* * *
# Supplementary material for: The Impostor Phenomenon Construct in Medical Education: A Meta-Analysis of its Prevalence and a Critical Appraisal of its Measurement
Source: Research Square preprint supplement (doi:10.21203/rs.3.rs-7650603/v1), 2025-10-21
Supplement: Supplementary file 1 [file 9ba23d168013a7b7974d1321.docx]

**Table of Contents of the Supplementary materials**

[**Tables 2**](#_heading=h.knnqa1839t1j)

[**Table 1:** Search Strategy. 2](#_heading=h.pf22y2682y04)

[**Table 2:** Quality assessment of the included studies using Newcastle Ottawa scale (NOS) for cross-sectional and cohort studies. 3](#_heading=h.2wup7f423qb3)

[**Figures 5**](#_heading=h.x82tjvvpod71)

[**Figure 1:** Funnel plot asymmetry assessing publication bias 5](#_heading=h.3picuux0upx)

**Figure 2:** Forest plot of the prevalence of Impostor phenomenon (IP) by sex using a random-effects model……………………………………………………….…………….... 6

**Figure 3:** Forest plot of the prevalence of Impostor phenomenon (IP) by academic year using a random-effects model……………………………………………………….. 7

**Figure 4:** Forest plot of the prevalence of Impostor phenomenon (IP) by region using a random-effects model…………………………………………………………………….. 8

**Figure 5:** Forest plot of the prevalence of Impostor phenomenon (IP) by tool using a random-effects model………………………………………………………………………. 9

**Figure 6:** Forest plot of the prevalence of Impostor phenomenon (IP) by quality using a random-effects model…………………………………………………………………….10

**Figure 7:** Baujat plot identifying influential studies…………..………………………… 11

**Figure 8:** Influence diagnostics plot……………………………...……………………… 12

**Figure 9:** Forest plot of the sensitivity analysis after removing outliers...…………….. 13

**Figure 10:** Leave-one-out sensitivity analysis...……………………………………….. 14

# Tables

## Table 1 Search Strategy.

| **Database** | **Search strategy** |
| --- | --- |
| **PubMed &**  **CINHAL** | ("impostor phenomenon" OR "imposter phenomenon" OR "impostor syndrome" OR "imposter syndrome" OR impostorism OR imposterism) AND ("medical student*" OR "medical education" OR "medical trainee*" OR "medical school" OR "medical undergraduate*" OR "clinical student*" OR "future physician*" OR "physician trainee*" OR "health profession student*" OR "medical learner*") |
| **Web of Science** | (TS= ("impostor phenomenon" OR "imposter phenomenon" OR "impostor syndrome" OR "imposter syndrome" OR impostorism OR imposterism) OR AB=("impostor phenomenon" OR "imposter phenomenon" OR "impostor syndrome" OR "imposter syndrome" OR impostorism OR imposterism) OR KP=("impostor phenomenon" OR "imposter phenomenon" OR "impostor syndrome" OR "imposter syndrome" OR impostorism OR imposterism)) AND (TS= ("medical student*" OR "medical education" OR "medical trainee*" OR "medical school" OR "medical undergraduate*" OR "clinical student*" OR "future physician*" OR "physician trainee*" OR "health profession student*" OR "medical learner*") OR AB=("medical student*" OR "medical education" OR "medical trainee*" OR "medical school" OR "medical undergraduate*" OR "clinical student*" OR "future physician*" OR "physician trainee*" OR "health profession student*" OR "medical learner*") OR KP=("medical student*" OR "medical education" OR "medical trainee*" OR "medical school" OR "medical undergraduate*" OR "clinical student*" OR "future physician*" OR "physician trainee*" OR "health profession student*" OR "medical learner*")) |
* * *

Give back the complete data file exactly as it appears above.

# Supplementary material for: The Impostor Phenomenon Construct in Medical Education: A Meta-Analysis of its Prevalence and a Critical Appraisal of its Measurement
Source: Research Square preprint supplement (doi:10.21203/rs.3.rs-7650603/v1), 2025-10-21
Supplement: Supplementary file 1 [file 9ba23d168013a7b7974d1321.docx]

**Table of Contents of the Supplementary materials**

[**Tables 2**](#_heading=h.knnqa1839t1j)

[**Table 1:** Search Strategy. 2](#_heading=h.pf22y2682y04)

[**Table 2:** Quality assessment of the included studies using Newcastle Ottawa scale (NOS) for cross-sectional and cohort studies. 3](#_heading=h.2wup7f423qb3)

[**Figures 5**](#_heading=h.x82tjvvpod71)

[**Figure 1:** Funnel plot asymmetry assessing publication bias 5](#_heading=h.3picuux0upx)

**Figure 2:** Forest plot of the prevalence of Impostor phenomenon (IP) by sex using a random-effects model……………………………………………………….…………….... 6

**Figure 3:** Forest plot of the prevalence of Impostor phenomenon (IP) by academic year using a random-effects model……………………………………………………….. 7

**Figure 4:** Forest plot of the prevalence of Impostor phenomenon (IP) by region using a random-effects model…………………………………………………………………….. 8

**Figure 5:** Forest plot of the prevalence of Impostor phenomenon (IP) by tool using a random-effects model………………………………………………………………………. 9

**Figure 6:** Forest plot of the prevalence of Impostor phenomenon (IP) by quality using a random-effects model…………………………………………………………………….10

**Figure 7:** Baujat plot identifying influential studies…………..………………………… 11

**Figure 8:** Influence diagnostics plot……………………………...……………………… 12

**Figure 9:** Forest plot of the sensitivity analysis after removing outliers...…………….. 13

**Figure 10:** Leave-one-out sensitivity analysis...……………………………………….. 14

# Tables

## Table 1 Search Strategy.

| **Database** | **Search strategy** |
| --- | --- |
| **PubMed &**  **CINHAL** | ("impostor phenomenon" OR "imposter phenomenon" OR "impostor syndrome" OR "imposter syndrome" OR impostorism OR imposterism) AND ("medical student*" OR "medical education" OR "medical trainee*" OR "medical school" OR "medical undergraduate*" OR "clinical student*" OR "future physician*" OR "physician trainee*" OR "health profession student*" OR "medical learner*") |
| **Web of Science** | (TS= ("impostor phenomenon" OR "imposter phenomenon" OR "impostor syndrome" OR "imposter syndrome" OR impostorism OR imposterism) OR AB=("impostor phenomenon" OR "imposter phenomenon" OR "impostor syndrome" OR "imposter syndrome" OR impostorism OR imposterism) OR KP=("impostor phenomenon" OR "imposter phenomenon" OR "impostor syndrome" OR "imposter syndrome" OR impostorism OR imposterism)) AND (TS= ("medical student*" OR "medical education" OR "medical trainee*" OR "medical school" OR "medical undergraduate*" OR "clinical student*" OR "future physician*" OR "physician trainee*" OR "health profession student*" OR "medical learner*") OR AB=("medical student*" OR "medical education" OR "medical trainee*" OR "medical school" OR "medical undergraduate*" OR "clinical student*" OR "future physician*" OR "physician trainee*" OR "health profession student*" OR "medical learner*") OR KP=("medical student*" OR "medical education" OR "medical trainee*" OR "medical school" OR "medical undergraduate*" OR "clinical student*" OR "future physician*" OR "physician trainee*" OR "health profession student*" OR "medical learner*")) |